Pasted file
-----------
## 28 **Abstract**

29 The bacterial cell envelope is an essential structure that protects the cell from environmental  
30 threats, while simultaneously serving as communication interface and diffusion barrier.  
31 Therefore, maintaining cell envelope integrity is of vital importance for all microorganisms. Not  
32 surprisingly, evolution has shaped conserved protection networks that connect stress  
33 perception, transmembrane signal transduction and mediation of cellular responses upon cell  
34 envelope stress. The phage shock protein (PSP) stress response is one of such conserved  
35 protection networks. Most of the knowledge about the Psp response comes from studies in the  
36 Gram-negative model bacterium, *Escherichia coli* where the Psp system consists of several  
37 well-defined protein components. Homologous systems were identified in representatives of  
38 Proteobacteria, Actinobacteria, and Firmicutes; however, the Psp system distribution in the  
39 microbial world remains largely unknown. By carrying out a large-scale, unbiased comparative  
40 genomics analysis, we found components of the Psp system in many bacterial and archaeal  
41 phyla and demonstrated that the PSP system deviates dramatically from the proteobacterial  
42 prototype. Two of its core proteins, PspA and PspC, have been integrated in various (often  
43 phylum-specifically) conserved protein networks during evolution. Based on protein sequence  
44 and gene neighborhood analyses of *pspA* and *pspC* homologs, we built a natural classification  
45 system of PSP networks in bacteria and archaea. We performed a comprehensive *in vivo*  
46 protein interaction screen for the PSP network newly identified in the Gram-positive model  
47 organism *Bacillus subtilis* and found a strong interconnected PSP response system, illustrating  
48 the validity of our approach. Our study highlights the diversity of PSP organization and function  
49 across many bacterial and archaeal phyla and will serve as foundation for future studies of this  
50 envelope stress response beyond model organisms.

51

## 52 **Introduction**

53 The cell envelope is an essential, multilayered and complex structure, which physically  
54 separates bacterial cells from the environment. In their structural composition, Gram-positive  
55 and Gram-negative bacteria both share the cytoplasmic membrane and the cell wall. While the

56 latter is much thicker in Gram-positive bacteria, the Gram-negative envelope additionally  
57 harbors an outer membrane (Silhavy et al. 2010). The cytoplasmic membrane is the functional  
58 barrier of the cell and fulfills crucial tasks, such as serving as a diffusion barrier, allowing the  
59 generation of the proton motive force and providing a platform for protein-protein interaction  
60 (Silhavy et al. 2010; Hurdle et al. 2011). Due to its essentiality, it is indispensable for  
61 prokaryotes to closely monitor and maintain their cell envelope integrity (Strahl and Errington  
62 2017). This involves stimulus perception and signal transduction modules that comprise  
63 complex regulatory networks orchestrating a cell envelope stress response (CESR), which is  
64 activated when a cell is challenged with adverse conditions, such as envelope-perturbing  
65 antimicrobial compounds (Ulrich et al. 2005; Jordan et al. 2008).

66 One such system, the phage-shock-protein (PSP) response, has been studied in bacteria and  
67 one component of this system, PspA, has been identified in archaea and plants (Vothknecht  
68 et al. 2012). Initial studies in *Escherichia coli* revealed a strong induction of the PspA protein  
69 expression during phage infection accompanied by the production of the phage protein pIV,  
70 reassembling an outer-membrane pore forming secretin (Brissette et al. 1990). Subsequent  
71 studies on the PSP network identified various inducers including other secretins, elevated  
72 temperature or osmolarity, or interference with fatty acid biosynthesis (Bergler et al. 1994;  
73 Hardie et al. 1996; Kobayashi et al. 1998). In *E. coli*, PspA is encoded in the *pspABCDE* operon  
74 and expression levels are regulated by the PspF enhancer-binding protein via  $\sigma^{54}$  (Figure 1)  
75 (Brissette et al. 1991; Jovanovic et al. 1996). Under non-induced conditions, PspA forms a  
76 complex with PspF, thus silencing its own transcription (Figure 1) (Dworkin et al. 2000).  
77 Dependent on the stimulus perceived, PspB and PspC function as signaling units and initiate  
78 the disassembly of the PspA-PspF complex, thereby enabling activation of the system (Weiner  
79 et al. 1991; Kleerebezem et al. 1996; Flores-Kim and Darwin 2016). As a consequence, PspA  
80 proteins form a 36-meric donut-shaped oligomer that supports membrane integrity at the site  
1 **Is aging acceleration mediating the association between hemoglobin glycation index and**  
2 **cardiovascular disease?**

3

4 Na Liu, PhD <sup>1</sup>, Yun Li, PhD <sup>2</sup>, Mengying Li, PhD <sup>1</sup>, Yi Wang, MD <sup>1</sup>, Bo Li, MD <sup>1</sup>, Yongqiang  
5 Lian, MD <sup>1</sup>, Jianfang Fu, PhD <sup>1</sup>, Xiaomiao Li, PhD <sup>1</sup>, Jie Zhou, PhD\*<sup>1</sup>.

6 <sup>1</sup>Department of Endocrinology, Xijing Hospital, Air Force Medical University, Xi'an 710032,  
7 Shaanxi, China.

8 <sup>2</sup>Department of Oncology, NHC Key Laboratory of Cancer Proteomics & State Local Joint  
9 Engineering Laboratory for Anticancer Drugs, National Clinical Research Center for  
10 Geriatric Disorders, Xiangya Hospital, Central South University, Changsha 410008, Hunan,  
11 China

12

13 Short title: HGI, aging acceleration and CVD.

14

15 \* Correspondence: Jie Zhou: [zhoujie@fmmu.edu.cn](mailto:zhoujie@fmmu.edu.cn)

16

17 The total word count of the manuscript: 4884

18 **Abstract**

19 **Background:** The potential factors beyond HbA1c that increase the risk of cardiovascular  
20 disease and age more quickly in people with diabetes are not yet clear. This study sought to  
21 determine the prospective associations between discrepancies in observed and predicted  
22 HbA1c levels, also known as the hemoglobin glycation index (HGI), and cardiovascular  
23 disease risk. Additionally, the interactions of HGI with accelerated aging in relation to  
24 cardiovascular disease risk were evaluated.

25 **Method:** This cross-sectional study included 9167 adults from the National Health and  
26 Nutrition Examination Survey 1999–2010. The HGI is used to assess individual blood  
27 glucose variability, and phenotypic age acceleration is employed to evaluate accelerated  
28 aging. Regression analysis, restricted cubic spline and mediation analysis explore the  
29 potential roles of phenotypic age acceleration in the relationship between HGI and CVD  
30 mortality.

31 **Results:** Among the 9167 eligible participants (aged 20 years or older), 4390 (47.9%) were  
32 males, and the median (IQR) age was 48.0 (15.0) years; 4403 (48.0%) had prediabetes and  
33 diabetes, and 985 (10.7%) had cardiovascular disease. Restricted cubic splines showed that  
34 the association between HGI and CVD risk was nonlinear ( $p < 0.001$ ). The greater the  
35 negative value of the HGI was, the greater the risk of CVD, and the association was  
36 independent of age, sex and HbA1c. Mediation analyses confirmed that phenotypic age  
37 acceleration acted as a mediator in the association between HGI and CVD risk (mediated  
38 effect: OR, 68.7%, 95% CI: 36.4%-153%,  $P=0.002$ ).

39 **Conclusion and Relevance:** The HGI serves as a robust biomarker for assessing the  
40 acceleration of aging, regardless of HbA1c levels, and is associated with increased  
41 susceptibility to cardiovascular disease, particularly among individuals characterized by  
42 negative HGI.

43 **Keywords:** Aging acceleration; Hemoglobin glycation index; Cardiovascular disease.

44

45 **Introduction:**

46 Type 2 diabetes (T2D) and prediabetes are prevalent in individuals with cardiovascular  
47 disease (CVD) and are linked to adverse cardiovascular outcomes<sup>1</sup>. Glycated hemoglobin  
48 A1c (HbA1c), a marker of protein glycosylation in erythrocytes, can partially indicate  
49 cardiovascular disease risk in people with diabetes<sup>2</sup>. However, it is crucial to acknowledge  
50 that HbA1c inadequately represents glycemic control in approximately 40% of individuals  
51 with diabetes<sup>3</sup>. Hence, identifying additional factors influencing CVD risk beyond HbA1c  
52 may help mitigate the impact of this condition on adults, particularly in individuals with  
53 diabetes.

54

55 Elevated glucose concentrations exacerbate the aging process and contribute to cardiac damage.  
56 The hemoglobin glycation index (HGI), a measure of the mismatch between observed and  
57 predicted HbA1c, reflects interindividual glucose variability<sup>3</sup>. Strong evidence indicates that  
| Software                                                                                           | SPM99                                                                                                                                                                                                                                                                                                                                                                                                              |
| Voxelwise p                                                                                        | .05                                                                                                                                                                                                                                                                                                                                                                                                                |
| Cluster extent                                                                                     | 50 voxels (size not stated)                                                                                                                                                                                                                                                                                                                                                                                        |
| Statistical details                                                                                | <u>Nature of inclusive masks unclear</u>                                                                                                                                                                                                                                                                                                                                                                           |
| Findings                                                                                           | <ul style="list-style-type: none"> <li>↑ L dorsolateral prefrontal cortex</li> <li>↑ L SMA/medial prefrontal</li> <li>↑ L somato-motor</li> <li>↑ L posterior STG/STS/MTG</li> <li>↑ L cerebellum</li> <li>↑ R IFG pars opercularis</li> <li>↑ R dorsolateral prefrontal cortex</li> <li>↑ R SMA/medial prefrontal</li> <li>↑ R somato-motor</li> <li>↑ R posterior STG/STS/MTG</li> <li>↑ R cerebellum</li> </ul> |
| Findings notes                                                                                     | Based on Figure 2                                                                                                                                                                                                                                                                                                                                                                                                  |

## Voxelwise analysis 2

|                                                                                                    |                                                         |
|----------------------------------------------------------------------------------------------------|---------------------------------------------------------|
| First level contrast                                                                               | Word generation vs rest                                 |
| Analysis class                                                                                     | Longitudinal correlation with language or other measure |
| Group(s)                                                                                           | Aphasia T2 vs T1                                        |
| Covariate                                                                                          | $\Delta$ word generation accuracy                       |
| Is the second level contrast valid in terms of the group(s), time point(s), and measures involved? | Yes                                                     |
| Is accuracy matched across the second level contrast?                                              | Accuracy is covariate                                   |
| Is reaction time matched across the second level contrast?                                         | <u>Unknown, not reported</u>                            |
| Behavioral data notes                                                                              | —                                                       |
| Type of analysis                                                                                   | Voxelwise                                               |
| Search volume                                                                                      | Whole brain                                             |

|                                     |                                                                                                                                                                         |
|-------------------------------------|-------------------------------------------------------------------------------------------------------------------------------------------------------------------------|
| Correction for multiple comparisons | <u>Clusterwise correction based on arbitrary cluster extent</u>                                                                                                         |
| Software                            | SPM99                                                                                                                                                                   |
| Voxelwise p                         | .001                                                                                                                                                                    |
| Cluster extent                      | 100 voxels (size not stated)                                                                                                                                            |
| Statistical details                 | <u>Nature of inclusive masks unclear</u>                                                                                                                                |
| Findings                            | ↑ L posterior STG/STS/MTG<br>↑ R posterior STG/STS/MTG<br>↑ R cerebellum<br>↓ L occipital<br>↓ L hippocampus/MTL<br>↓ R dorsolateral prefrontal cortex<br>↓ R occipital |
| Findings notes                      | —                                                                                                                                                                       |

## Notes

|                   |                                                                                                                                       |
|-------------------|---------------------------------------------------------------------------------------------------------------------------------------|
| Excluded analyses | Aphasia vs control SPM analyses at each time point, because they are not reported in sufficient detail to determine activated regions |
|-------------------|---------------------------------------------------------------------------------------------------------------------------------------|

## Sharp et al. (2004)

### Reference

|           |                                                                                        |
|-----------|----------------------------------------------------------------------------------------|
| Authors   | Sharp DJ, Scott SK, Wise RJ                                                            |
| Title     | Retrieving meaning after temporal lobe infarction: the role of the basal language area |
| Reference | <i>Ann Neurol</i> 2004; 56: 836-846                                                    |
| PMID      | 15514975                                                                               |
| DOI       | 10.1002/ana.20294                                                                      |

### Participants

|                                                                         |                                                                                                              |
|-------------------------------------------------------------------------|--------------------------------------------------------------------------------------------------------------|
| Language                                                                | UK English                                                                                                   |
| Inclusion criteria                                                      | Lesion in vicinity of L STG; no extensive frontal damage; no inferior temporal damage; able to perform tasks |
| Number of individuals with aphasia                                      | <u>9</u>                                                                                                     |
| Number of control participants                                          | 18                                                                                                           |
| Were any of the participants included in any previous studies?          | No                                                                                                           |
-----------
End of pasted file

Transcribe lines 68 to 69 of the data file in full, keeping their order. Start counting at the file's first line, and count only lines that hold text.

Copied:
15 \* Correspondence: Jie Zhou: [zhoujie@fmmu.edu.cn](mailto:zhoujie@fmmu.edu.cn)

16